PASADENA, Calif. — NASA followed up its picture-perfect landing of a plutonium-powered rover with pictures of the picture-perfect landing.
On Monday, the agency released photographs taken by its Mars Reconnaissance Orbiter showing the rover still encased in the descent capsule and sailing under a parachute as it passed 210 miles below the orbiter. Shortly after, the rover was lowered at the end of 25-foot-long cables into a crater.
More photos were beamed back by the rover after it landed, showing the surface of the planet and one of the craft’s wheels.
Over the years, the orbiter has taken about 120 photographs of the crater in preparation for the arrival of the rover, called Curiosity.
“But I really think this is the coolest one,’’ Sarah Milkovich, a NASA scientist who works with the orbiter camera, said during a news conference.
The rover is healthy, and problems have yet to crop up.
“What’s amazing about it is the miracle of this engineering,’’ said John P. Grotzinger, the project scientist.
The rover ushers in a new era of exploration that could turn up evidence that the red planet once had the necessary ingredients for life — or might even still harbor life today. NASA and administration officials were also quick to point to the mission’s success to counter criticism that the space agency had turned into a creaky bureaucracy incapable of matching its past glory.
‘‘If anybody has been harboring doubts about the status of US leadership in space,’’ John P. Holdren, the president’s science adviser, said at a news conference following the landing, ‘‘well, there’s a one-ton, automobile-size piece of American ingenuity, and it’s sitting on the surface of Mars right now.’’
NASA officials were working to give Holdren a framed print of the Mars Reconnaissance photograph to take back to Washington to show President Obama.
Only one other country, the Soviet Union, has successfully landed anything on Mars, and that spacecraft, Mars 3 in 1971, fell silent shortly after landing.
Curiosity is far larger than earlier rovers and is packed with the most sophisticated movable laboratory ever sent to another planet. It is to spend at least two years examining rocks within the 96-mile crater it landed in, looking for carbon-based molecules and other evidence that early Mars had conditions friendly for life.
As the spacecraft carrying the Curiosity sped toward its destination Sunday, the pull of the planet’s gravity accelerating the craft to more than 13,000 miles per hour, NASA officials tried to tamp down concerns that a crash would entirely derail future plans.
The Curiosity landing seemed particularly risky. Engineers chose not to use the tried-and-true landing systems of NASA’s six previous Mars landings — neither the landing legs of the Viking missions in 1976 nor the cocoons of air bags that cushioned the two rovers that NASA placed on Mars in 2004. Those approaches, they said, would not work for a one-ton vehicle.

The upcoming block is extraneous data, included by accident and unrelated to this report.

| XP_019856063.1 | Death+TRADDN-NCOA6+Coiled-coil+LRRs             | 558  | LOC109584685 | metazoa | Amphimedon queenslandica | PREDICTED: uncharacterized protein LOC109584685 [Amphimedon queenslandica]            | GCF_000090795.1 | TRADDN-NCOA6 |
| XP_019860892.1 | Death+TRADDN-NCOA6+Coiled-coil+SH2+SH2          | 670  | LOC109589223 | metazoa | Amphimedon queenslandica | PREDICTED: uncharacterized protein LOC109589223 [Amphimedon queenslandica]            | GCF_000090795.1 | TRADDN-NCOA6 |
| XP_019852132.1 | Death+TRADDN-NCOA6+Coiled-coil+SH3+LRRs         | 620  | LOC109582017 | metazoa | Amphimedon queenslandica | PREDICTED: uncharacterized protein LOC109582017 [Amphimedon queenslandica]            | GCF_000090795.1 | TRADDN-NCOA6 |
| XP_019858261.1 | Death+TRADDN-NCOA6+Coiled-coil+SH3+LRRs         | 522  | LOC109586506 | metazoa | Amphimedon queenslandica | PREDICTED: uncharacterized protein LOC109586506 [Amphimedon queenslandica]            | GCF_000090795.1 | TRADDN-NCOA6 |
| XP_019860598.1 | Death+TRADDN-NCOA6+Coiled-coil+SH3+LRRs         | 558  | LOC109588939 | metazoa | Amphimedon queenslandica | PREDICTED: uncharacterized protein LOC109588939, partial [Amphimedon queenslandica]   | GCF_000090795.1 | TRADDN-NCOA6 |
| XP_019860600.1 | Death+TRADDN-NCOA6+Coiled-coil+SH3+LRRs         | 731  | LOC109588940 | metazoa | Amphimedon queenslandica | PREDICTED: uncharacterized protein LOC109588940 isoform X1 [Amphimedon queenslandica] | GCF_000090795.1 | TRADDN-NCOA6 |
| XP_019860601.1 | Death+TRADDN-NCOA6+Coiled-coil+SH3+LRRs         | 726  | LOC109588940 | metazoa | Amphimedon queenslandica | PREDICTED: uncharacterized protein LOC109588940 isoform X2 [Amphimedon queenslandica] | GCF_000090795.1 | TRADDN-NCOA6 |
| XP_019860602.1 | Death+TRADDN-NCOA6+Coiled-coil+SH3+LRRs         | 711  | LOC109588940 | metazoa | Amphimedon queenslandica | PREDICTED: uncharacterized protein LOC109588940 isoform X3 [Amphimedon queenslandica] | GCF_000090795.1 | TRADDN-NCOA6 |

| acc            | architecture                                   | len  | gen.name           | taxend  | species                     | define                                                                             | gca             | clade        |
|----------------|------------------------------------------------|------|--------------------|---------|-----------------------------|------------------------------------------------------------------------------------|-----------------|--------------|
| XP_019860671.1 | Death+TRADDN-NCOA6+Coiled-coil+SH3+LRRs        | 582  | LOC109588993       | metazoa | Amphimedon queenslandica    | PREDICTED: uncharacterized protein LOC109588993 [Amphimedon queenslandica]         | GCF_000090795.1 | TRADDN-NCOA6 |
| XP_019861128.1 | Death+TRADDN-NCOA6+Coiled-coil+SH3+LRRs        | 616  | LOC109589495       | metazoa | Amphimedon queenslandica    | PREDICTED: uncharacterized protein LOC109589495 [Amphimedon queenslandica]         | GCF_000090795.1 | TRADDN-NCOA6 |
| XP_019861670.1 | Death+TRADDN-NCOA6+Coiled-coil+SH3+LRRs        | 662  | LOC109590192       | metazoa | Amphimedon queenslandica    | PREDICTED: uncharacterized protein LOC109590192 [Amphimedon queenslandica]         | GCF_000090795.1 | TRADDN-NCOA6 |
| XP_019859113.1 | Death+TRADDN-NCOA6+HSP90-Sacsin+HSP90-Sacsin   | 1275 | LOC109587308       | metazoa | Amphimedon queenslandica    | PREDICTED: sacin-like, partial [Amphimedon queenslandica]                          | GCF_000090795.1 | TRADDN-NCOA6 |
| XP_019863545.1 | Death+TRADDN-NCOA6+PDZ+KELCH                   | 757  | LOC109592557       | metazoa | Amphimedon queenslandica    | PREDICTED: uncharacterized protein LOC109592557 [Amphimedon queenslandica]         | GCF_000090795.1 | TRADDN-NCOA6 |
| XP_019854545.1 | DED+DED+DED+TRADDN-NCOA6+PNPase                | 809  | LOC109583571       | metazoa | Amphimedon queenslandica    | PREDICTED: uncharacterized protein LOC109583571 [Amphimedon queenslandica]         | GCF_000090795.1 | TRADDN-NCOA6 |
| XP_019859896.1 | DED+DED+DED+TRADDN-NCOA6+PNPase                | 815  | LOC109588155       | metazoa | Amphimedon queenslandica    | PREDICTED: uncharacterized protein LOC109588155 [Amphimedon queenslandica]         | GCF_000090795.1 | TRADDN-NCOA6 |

Instead, for the final landing step, they came up what they called the sky crane maneuver. The rover would be gently winched to the surface from a hovering rocket stage.
As the drama of the landing unfolded, each step proceeded without flaw. The capsule entered the atmosphere at the appointed time, with thrusters guiding it toward the crater. The parachute deployed. Then the rover and rocket stage dropped away from the parachute and began a powered descent toward the surface, and the sky crane maneuver worked as designed.
‘’Touchdown confirmed,’’ Allen Chen, an engineer in the control room, said at 1:32 a.m. Eastern time, followed by cheers, hugs, and high-fives.
Two minutes later, the first image popped onto video screens: a grainy, 64-pixel-by-64-pixel black-and-white image that showed one of the rover’s wheels and the Martian horizon. A few minutes later, a clearer version appeared, and then came another image from the other side of the rover.
‘’That’s the shadow of the Curiosity rover on the surface of Mars,’’ Robert Manning, the chief engineer for the project, gushed in awe.
In one photo, the rim of the crater is seen in the distance.
‘‘In the foreground, you can see a gravel field,’’ Grotzinger said. ‘‘The question is, where does this gravel come from? It is the first of what will be many scientific questions to come from our new home on Mars.’’
Over the first week, Curiosity is to deploy its main antenna, raise a mast containing cameras, a rock-vaporizing laser and other instruments, and take its first panoramic shot of its surroundings.
NASA will spend the first weeks checking out Curiosity before embarking on the first drive. The rover will not scoop its first sample of Martian soil until mid-September at the earliest, and the first drilling into rock is not expected until October or November.
The landing helps wash away the mission’s troubled beginnings. Originally it was to cost $1.6 billion and was scheduled to launch in 2009, but it encountered a cascade of technical hurdles and cost overruns.
NASA officials faced a difficult choice: to rush to meet the launch date or miss it, waiting 26 months until the next time that Mars and Earth would be lined up in the proper positions. They chose to wait, even though it added hundreds of millions of dollars to the price tag, bringing it to $2.5 billion.